Financial Engineering

Written by True Tamplin, BSc, CEPF®

Reviewed by Subject Matter Experts

Updated on July 12, 2023

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What Is Financial Engineering?

Financial Engineering is a multidisciplinary field that combines mathematical and statistical methods, financial theory, and computational tools to design and develop new financial products, devise investment strategies, and manage risk.

It involves the use of complex models and financial instruments to solve problems in finance, including pricing derivatives, managing portfolios, optimizing investment strategies, and mitigating financial risks.

Financial engineering is used in various areas of finance, such as investment banking, risk management, wealth management, and financial regulation.

Historical Evolution of Financial Engineering

Early Developments

The history of financial engineering dates back to the early 20th century when mathematicians and economists began developing quantitative models for financial markets.

One of the pioneers of financial engineering was Louis Bachelier, who in 1900 published his Ph.D. thesis, "The Theory of Speculation," where he introduced the concept of Brownian motion in finance.

Over the years, financial engineering evolved as new mathematical models were developed, such as the Black-Scholes option pricing model in 1973, which revolutionized the derivatives market.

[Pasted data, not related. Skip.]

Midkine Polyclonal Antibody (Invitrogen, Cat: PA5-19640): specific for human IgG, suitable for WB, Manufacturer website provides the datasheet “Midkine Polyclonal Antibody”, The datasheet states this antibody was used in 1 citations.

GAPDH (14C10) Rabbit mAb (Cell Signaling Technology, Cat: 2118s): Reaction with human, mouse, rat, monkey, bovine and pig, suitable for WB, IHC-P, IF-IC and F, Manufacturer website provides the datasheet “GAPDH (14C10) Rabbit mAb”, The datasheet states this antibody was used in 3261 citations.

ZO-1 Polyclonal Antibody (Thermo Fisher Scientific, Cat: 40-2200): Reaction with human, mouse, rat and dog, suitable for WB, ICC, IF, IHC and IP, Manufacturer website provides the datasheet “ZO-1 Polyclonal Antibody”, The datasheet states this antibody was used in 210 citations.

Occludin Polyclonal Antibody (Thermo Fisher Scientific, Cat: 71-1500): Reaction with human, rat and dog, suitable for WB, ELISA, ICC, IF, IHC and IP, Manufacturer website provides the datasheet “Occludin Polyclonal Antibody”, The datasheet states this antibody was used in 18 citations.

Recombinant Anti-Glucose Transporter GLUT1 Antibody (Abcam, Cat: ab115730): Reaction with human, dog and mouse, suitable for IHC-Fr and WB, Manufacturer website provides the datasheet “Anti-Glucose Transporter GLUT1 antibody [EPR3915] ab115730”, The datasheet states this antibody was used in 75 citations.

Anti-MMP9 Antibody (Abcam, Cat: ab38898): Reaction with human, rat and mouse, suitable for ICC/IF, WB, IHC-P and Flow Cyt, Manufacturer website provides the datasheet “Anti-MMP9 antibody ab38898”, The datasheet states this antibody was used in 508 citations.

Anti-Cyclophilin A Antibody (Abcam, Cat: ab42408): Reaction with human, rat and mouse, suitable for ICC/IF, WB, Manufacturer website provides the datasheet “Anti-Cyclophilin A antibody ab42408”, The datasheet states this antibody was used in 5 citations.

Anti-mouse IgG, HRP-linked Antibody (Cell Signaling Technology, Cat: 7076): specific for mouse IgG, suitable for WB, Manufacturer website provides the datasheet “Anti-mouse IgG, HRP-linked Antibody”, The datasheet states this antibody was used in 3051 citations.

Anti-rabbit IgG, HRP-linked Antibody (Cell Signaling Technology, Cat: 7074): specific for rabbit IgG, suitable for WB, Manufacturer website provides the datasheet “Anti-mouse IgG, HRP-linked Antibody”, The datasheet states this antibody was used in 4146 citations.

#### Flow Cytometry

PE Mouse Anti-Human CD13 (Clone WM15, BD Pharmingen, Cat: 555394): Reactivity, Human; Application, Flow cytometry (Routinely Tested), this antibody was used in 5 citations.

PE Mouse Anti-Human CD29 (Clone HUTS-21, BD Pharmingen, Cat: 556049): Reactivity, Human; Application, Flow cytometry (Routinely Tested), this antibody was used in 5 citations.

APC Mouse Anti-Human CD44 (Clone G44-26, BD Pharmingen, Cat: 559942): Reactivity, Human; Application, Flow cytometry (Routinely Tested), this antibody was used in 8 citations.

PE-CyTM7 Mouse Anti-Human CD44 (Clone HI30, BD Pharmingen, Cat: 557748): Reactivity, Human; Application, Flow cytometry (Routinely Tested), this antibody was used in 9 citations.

Recent Trends and Innovations

In recent years, financial engineering has advanced significantly due to the increasing use of technology and data.

This has led to the development of sophisticated quantitative models, algorithmic trading strategies, and innovative financial products.

Today, financial engineering is an integral part of investment management, as it allows investors and wealth managers to navigate complex financial markets, manage risks, and achieve superior returns.

Core Concepts in Financial Engineering

Quantitative Methods

Quantitative methods are fundamental to financial engineering. These methods include mathematical and statistical techniques, such as probability theory, stochastic calculus, linear algebra, and optimization theory, used to model financial markets, price financial instruments, and manage risk.

Quantitative methods are essential for understanding the behavior of financial assets and constructing optimal investment strategies.

Risk Management

Risk management is a critical component of financial engineering. It involves identifying, measuring, and mitigating the risks associated with financial assets and investment portfolios.